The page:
A Coroplast Tailbox
by Kent Peterson (firstname.lastname@example.org)
On Sunday December 21st, 2003 my friend
Mark Vande Kamp and I rode up to see our mutual friend Jon Muellner in
Port Townsend, Washington. Mark took these pictures of my coroplast
tailbox in Jon's backyard. I've gotten several questions about my
tailbox, so I put this web page together to explain a bit about how the
tailbox is constructed.
The tailbox is constructed from
coroplast, a tough plastic material similar to corogated cardboard. In
the Puget Sound area, many political candidate's campaign signs are
printed on sheets of 4 mm coroplast. While the candidates are supposed
to remove all their signs within a week or so following the election,
some signs wind up fallen by the roadside and abandoned. In late
November and December, I harvest these abandoned signs and throughout
the year I use them in various projects. This tailbox was constructed
entirely from the material in one very large sign left over from
the 2002 Jennifer Dunn congressional campaign. In fairness to Ms. Dunn,
her workers did a very good job of recovering most of her signs. This
large sign was the only one I found from that campaign and I think it
had been missed because it had blown over in a high wind.
The tailbox is constructed using the same techniques I've described in
previous articles describing how to make bicycle fenders and a handlebar
bag from coroplast. Those articles can be found here:
Coroplast Fender Construction
The tailbox is made entirely of coroplast stitched together with nylon
zipties. The box is held onto the rear rack of my bicycle with nylon
cord that loops through small holes I cut in the bottom of the box.
Elasticised nylon cord forms a web to carry extra gear (like a rain
jacket) on top of the box. Elastic cord is also used to latch the box
The box is made from three main
parts. The top and bottom of the box are roughly teardrop shaped, while
the front, sides and back of the box are one continuous strip of
coroplast which follows the curved edges of the top and bottom pieces. I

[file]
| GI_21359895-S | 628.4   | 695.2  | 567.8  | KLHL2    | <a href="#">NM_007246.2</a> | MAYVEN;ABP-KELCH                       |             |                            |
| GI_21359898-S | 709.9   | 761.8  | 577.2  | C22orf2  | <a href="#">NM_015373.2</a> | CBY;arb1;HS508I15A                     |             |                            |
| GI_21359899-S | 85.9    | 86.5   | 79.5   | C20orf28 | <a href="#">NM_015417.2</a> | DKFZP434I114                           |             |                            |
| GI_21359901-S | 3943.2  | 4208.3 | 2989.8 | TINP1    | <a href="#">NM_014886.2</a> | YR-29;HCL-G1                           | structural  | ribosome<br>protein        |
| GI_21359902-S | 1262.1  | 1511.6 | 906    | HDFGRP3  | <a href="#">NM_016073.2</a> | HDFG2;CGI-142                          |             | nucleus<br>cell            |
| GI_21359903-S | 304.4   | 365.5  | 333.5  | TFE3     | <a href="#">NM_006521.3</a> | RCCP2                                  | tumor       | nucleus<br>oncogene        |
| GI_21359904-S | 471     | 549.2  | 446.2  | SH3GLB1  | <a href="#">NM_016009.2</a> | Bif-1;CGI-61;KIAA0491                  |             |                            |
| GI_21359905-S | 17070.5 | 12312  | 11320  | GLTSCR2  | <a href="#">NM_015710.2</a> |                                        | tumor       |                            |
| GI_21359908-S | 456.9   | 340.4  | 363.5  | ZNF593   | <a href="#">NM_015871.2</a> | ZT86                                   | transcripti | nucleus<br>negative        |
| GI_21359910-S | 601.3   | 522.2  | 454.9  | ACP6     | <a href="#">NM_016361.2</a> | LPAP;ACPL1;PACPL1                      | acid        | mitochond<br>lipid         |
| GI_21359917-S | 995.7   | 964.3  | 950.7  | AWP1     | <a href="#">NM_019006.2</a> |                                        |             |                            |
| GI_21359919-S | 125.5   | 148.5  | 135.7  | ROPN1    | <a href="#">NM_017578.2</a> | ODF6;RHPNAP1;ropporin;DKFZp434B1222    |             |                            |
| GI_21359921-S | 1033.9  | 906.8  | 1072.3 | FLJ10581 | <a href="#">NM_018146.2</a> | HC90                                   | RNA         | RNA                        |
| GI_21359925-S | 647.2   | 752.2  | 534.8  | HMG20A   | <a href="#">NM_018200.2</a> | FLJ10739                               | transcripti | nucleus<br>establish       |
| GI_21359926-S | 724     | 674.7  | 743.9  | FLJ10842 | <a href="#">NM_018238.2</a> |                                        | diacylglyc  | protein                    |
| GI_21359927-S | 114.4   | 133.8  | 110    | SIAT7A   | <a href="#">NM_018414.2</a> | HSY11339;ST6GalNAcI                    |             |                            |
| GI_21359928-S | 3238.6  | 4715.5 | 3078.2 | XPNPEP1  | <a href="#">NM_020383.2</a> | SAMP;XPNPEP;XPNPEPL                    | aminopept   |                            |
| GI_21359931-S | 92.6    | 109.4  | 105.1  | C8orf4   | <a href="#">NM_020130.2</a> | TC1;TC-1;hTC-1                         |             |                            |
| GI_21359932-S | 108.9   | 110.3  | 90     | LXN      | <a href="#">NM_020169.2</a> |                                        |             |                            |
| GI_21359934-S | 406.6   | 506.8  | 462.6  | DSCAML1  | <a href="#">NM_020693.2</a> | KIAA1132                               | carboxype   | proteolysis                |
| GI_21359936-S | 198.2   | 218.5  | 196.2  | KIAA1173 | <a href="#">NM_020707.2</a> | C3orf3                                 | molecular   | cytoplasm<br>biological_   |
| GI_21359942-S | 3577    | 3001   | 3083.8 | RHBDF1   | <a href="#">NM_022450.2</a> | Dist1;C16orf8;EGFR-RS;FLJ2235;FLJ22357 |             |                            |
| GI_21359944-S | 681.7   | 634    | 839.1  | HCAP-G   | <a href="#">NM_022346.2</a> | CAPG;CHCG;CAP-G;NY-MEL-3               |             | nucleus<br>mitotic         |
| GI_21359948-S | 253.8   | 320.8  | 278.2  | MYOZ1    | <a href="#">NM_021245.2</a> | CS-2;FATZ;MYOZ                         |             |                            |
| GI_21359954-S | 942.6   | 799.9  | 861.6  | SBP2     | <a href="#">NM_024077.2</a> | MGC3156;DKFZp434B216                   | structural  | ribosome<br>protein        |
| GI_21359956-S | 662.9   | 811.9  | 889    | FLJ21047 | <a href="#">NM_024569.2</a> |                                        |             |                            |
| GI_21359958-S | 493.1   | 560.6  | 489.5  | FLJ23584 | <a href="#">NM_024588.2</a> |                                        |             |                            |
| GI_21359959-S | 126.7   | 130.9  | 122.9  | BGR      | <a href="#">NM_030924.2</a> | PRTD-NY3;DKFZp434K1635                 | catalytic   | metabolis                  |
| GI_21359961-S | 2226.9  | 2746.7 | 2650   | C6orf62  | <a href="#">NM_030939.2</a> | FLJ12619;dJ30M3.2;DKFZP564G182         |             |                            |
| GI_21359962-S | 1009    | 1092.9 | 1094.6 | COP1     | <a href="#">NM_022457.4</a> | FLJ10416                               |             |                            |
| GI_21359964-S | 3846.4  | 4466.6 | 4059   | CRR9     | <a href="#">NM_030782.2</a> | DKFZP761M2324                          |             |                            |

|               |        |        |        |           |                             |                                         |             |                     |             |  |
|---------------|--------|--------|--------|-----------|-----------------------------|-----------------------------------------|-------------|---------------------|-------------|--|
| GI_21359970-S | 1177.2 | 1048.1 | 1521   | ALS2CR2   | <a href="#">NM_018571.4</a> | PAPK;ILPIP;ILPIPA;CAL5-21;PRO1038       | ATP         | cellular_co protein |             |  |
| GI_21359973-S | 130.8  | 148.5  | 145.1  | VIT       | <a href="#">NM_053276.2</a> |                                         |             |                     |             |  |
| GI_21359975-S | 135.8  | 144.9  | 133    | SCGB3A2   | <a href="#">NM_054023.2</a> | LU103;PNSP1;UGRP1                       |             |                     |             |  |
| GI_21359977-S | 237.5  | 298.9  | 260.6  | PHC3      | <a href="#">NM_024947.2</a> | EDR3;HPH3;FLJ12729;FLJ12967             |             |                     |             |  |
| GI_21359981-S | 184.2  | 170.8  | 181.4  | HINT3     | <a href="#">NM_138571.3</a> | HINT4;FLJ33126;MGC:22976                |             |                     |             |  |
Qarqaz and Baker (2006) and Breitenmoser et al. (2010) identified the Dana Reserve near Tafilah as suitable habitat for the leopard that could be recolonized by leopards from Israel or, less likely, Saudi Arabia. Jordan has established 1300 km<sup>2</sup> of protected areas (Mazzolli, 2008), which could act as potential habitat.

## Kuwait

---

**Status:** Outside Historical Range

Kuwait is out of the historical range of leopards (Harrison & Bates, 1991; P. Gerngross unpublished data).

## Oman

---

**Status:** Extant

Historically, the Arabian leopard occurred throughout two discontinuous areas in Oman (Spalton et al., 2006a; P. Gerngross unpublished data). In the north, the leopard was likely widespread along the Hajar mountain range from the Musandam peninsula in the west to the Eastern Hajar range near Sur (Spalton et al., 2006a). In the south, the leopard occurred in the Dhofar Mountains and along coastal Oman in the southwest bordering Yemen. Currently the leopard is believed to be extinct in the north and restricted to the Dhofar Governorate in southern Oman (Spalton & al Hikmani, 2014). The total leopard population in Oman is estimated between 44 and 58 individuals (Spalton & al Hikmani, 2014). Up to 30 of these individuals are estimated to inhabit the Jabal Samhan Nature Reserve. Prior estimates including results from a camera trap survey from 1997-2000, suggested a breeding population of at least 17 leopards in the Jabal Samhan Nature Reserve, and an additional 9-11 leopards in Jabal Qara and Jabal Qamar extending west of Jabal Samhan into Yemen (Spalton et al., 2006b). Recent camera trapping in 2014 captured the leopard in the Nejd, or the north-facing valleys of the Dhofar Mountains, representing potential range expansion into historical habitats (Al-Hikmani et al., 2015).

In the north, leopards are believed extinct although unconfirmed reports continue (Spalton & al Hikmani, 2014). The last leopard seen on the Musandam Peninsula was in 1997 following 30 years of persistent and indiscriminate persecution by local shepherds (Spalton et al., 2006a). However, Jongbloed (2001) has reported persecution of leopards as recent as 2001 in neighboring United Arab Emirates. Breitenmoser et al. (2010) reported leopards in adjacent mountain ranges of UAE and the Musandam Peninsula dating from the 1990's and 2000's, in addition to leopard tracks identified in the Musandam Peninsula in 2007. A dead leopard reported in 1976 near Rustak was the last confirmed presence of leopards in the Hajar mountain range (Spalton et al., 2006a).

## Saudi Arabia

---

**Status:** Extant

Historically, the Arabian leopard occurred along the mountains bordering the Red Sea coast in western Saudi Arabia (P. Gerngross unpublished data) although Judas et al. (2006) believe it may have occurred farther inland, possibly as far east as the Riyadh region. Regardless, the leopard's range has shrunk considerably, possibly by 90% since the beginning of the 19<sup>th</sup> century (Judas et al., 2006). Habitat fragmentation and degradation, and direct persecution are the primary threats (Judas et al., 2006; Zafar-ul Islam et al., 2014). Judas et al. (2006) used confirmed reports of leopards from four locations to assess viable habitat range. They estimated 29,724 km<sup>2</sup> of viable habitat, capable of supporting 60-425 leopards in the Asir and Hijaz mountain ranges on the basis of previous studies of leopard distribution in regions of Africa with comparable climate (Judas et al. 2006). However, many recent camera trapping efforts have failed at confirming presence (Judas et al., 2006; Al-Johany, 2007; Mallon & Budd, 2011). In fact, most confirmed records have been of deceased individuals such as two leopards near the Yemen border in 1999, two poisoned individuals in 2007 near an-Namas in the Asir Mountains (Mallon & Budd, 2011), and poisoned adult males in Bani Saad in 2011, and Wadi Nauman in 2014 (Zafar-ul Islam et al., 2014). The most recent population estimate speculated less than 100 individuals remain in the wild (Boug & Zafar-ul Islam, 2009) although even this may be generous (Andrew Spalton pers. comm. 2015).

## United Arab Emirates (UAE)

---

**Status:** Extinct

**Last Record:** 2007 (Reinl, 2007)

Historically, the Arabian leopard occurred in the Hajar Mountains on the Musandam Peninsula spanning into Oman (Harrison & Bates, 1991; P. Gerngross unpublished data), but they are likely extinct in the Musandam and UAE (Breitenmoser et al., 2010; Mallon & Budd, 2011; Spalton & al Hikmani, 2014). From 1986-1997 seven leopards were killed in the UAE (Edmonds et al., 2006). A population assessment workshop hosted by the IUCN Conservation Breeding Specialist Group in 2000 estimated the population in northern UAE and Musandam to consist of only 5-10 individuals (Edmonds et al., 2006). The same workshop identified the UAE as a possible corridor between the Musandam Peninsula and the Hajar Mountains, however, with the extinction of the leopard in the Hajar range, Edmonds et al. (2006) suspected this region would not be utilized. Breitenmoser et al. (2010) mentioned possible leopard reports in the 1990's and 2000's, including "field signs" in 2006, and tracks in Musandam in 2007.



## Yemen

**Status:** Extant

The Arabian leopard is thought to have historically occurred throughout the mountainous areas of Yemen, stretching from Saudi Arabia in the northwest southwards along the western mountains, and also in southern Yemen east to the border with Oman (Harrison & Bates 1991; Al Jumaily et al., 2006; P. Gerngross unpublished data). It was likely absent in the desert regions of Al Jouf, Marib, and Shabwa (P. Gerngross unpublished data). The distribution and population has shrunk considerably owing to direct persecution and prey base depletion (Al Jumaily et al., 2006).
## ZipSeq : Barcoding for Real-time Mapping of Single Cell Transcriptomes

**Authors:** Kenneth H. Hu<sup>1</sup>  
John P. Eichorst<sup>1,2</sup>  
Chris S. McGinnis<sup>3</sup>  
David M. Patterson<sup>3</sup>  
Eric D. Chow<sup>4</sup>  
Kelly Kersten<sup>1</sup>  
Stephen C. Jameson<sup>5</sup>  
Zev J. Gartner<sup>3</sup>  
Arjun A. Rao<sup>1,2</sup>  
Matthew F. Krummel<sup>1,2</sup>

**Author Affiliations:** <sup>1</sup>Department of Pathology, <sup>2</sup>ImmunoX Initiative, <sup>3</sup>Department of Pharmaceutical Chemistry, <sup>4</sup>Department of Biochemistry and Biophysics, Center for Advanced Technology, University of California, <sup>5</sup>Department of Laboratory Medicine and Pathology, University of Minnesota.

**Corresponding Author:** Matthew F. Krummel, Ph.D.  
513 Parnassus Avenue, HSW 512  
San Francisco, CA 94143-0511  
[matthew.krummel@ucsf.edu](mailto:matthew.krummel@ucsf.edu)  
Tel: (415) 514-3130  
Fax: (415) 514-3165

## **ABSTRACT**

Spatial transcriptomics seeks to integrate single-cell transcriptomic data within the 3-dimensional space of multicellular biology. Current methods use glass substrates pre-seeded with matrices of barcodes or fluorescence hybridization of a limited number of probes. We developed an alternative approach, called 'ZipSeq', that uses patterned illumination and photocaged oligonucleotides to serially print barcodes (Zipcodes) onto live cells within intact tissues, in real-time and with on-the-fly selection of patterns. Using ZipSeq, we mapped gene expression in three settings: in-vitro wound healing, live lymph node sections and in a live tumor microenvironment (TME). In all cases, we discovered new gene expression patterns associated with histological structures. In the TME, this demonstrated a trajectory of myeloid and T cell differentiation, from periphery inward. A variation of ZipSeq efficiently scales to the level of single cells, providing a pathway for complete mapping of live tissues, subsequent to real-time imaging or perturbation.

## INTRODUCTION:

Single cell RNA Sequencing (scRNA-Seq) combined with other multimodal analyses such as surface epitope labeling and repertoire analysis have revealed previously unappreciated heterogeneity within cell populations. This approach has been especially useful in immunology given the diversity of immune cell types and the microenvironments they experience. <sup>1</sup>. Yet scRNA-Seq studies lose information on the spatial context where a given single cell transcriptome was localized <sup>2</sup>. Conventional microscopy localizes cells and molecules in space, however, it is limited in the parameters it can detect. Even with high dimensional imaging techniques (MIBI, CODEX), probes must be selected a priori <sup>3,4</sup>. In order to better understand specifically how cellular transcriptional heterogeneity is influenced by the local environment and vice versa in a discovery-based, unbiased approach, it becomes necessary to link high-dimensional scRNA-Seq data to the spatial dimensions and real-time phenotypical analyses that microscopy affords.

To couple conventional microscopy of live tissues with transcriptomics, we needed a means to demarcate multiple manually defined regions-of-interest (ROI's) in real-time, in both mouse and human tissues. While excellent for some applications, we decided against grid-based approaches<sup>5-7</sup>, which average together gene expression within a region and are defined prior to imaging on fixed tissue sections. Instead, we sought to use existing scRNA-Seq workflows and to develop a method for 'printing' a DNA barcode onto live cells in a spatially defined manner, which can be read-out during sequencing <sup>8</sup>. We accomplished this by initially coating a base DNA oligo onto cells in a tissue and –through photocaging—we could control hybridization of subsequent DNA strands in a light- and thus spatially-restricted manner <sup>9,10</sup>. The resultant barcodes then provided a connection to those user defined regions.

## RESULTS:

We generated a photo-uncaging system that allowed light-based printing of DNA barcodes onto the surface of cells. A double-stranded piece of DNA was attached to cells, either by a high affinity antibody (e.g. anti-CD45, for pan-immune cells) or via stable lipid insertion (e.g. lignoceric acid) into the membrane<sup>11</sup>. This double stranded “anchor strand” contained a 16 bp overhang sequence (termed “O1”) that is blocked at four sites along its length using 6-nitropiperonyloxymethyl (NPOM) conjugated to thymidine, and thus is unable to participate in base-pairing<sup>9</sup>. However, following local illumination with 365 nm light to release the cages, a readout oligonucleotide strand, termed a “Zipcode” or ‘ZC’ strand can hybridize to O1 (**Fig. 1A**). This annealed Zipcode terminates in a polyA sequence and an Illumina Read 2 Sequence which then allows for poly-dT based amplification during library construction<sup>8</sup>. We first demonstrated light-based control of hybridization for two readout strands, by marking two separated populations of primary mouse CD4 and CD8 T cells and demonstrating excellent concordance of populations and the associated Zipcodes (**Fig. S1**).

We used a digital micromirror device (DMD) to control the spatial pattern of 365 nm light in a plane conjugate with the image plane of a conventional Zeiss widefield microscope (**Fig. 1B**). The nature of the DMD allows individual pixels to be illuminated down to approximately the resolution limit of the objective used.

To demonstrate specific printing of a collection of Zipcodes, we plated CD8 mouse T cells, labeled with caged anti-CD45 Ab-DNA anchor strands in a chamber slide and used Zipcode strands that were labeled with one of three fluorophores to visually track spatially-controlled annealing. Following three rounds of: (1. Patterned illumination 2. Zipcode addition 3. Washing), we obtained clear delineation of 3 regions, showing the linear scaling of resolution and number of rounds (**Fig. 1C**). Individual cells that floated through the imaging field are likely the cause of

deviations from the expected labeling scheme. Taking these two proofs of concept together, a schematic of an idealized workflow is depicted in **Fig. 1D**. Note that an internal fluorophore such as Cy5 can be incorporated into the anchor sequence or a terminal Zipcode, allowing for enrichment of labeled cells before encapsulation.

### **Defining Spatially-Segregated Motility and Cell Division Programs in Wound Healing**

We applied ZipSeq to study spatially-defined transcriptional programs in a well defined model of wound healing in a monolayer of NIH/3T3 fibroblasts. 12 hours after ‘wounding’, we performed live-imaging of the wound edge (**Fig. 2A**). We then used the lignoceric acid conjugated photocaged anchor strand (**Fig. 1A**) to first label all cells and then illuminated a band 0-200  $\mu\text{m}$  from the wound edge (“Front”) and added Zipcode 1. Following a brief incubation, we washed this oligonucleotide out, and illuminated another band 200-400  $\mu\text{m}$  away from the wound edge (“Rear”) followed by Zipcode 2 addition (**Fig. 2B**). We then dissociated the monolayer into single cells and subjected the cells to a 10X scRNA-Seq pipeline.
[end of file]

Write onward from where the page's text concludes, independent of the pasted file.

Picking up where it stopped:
used a saucepan cover as a template for the front curve of the box and
a straight edge to mark out the basic teardrop shape. The box is
aproximately 50 cm long, 23 cm in width at the widest point and 8 cm
wide at the tip of the tail. It is 18 cm tall.
I cut both the top and bottom pieces with an excess flange about 3 cm
wide. In the curved section of the box, this flange was further cut into
smaller tabs. I bent the flanged portion and puched holes in it so I
could stitch the long body sheet around it. The bottom and sides are
fully stitched with zipties, while the top is stitched at the front.
In addition to the three main pieces,
the top of the box has two smaller strips running the length of the edge
from the hinge to the back. I also cut two small coroplast disks, each
of which rest on two smaller coroplast disks. These disk stacks work
like a button and the elastic cord loops over them.
The lid of the box hinges up. I
didn't need to make any kind of a hinge, I simply scored the coroplast
along a line where I wanted the hinge to be. In this picture you can see
some of the things I carry in the tailbox, including my Topeak Morph
pump, my bag with tools, tubes and a patch kit. I also carry a pair of
rain pants and a thermolite emergency blanket. On the far right of the
picture you can see a taillight wich is strapped to yet another small
bit of coroplast.
Here is another view of the tailbox fully opened up.
This is a shot of the interior of the
empty tailbox. You can see the cord which loops through small holes
punched in the bottom of the box. The cord goes through these holes and
ties the box to the rear rack. I kept some extra cord in case I ever
need to lash anything into the box to keep items from bouncing around or
from bouncing out if I overpack the box and cannot close the lid.
Another shot of the interior, showing
how the flanged bottom is stitched to the edge. You can also see one of
the edge buttons that secures the lid strap.
That's it. If you were looking for a
detailed "How To" you're out of luck. But the info here should give you
enough information that you can make your own tailbox. If you do build
one for yourself, please drop me a note.
Kent Peterson (email@example.com)
Issaquah, WA USA
December 25th, 2003